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New EPA Rule Removes Emergency Defense Waiver in Title V Air Permits

 Daniel BLOG image from environblog.jenner.comBy: Daniel L. Robertson and Allison A. Torrence

On July 21, 2023, the Environmental Protection Agency published a final rule eliminating an affirmative defense for Clean Air Act permit emissions violations caused by
Smokestack“emergency” circumstances.

“Major sources” (i.e. sources with actual or potential emissions above certain emission thresholds) are required under Title V of the Clean Air Act to obtain operating permits. When the EPA originally promulgated rules implementing Title V, the proposed rules did not include an emergency affirmative defense provision. However, the EPA included the provisions in its final rule following requests from commenters. Specifically, 40 C.F.R. Parts 70.6(g) (state operating permit program) and 71.6(g) (federal operating permit program) contained identical affirmative defense provisions whereby a source could avoid liability for an emission violation if the violation was caused by an emergency “arising from sudden and reasonably unforeseeable events beyond the control of the source.” This included “acts of God, which situation requires immediate corrective action to restore normal operation, and that causes the source to exceed a technology-based emission limitation under the permit, due to unavoidable increases in emissions attributable to the emergency.” In such circumstances, a source could demonstrate an emergency affirmative defense by providing evidence that:

  1. An emergency occurred and the cause was identified;
  2. The facility was at the time being properly operated;
  3. The facility took all reasonable steps to minimize emission level exceedances and permit requirements during the emergency; and
  4. The permittee submitted notice of the emergency to the permitting authority within two working days.

The EPA’s attempt to remove the Title V emergency affirmative defense has been around since an initial rule proposal in 2016. However, later administrations did not pursue the proposal until a revised version was introduced in 2022. According to the EPA, the affirmative defense is “inconsistent with the EPA’s interpretation of the enforcement structure of the Clean Air Act in light of prior court decisions.” In one of those court decisions, Natural Resources Defense Council v. EPA, 749 F.3d 1055 (D.C. Cir. 2014), the D.C. Circuit Court of Appeals vacated a Title V permit provision that specified an affirmative defense for unavoidable malfunctions. The court held that the EPA exceeded its authority, as only the courts have the authority to decide whether to assess penalties for civil suit violations. The 2014 ruling was upheld in 2016, when the D.C. Circuit in U.S. Sugar Corp. v. EPA, 830 F.3d 579 (D.C. Cir. 2016), reaffirmed that the EPA’s affirmative defense provision at issue intruded on the judiciary’s role in determining Title V permit violation penalties. Similarly, the D.C. Circuit in a 2008 case, Sierra Club v. EPA, 551 F.3d 1019 (D.C. Cir. 2008), vacated an EPA rule exempting emission standards requirements during startup, shutdown or malfunction, finding such exemption in violation of Clean Air Act requirements. These decisions led EPA to revisit similar affirmative defense provisions, resulting in the latest rule.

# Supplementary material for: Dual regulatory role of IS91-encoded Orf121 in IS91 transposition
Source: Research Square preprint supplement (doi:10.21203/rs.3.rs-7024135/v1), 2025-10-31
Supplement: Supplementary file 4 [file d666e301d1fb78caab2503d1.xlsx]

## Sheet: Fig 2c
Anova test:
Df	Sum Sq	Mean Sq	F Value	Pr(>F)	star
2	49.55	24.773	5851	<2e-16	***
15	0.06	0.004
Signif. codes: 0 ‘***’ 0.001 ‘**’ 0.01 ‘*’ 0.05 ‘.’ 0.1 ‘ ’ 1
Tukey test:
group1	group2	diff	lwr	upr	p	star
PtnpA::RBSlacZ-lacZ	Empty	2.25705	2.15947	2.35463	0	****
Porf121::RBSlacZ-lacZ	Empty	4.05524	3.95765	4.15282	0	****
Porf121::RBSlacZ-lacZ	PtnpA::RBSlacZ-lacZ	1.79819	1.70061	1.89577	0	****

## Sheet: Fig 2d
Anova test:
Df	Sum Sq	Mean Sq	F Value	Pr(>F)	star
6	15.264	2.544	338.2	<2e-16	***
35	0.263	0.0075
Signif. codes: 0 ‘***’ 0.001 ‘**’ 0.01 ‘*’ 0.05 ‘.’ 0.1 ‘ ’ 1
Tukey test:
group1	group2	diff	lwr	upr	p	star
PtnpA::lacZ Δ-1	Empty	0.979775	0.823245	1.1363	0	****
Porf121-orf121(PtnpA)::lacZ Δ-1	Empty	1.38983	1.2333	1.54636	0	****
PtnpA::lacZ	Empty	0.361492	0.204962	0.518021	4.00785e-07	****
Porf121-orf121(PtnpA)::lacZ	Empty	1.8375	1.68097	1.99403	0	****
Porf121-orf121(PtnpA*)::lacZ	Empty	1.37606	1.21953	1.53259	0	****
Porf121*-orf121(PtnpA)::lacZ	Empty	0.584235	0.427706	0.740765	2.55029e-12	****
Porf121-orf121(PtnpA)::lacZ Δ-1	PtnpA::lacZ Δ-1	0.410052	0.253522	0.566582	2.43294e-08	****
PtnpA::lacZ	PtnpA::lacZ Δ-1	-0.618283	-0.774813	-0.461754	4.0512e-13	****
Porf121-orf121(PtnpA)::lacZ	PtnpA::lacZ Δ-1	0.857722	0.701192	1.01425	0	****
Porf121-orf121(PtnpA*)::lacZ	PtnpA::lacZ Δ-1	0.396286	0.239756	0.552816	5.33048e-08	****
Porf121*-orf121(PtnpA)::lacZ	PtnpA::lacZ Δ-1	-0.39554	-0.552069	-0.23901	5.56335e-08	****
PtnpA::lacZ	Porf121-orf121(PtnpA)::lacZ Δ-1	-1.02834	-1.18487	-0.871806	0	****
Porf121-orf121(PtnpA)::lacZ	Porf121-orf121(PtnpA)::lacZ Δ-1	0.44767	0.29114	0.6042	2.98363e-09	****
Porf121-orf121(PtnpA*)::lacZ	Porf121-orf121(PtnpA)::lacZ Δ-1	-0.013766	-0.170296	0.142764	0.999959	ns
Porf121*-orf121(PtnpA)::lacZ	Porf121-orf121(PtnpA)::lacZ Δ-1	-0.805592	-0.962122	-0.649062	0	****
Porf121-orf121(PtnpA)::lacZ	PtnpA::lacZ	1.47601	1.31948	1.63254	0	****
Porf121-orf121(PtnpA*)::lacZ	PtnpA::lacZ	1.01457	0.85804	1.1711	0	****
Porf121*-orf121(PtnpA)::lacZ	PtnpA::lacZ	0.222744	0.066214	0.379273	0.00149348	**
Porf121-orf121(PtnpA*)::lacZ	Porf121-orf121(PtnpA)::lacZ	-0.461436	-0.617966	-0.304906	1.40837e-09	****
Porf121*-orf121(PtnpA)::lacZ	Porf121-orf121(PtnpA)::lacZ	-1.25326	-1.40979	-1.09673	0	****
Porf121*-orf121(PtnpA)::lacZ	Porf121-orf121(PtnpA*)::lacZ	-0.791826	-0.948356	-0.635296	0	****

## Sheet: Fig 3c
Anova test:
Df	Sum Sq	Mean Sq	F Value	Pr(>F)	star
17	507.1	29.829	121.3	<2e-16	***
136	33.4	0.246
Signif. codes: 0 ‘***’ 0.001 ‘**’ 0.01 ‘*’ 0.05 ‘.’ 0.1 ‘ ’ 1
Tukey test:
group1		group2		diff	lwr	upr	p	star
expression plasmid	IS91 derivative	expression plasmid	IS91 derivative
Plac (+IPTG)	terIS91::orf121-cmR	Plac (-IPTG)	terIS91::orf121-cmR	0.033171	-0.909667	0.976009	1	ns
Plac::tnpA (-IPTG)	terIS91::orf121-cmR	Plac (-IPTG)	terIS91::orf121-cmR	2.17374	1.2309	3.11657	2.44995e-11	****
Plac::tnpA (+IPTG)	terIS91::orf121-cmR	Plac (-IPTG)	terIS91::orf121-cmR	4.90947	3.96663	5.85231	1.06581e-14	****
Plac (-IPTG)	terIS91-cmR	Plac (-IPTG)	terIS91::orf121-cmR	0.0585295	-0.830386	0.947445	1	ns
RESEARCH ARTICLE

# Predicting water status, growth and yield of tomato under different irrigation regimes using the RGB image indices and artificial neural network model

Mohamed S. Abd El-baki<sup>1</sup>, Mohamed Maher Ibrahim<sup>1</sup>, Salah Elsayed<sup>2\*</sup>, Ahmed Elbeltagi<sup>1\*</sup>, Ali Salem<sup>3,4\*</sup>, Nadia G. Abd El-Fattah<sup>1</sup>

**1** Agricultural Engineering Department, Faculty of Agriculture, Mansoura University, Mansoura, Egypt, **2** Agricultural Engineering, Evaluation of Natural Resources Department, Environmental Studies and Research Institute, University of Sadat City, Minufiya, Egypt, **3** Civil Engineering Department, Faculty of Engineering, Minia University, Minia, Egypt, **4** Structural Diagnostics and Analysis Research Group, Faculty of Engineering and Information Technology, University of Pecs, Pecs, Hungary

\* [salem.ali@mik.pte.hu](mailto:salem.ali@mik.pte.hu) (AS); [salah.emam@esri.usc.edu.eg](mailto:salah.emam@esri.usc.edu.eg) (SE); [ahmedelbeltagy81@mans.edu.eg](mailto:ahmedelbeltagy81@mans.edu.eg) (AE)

The EPA states that the provisions’ removal is consistent with other EPA actions, specifically referencing removal or omission of similar affirmative defenses for New Source Performance Standards, emission guidelines for existing sources, and regulations for National Emission Standards for Hazardous Air Pollutants (NESHAP). According to the EPA, the latest action “would harmonize the EPA’s treatment of affirmative defenses across different [Clean Air Act] programs.”

As described in the rule summary, “any impermissible affirmative defense provisions within individual operating permits that are based on a Title V authority and that apply to federally-enforceable requirements will need to be removed.” The EPA has therefore instructed “any states that have adopted similar affirmative defense provisions” in operating permit programs to remove those provisions from their programs within twelve months of the rule’s August 21, 2023 effective date. The EPA expects the same revisions by local and tribal permit programs. Existing Title V operating permits “will eventually need to be revised” to remove language regarding affirmative defense provisions. These changes will likely occur during permit renewals or revisions.

The EPA does not believe the revisions will have a significant impact on sources, noting in the final rule that the Title V emergency defense provisions “have rarely, if ever, been asserted in enforcement proceedings.” Instead, sources more often assert affirmative defenses based on malfunctions, which were not addressed in this rule. In response to the potential chilling effect the rule may have on sources operating to provide vital services during an emergency, the EPA emphasized the enforcement discretion of oversight authorities, as well as accounting for emergency situations in determining remedies. The EPA further stated that the revisions will not restrict a source’s “ability to defend itself in an enforcement action” and that sources will still be able to seek the reduction or elimination of monetary penalties “based on the specific facts and circumstances of the emergency event.”

The proposed rule received significant comments, and legal challenges are likely to be forthcoming. We will continue to track this and other Clean Air Act developments on the Corporate Environmental Lawyer.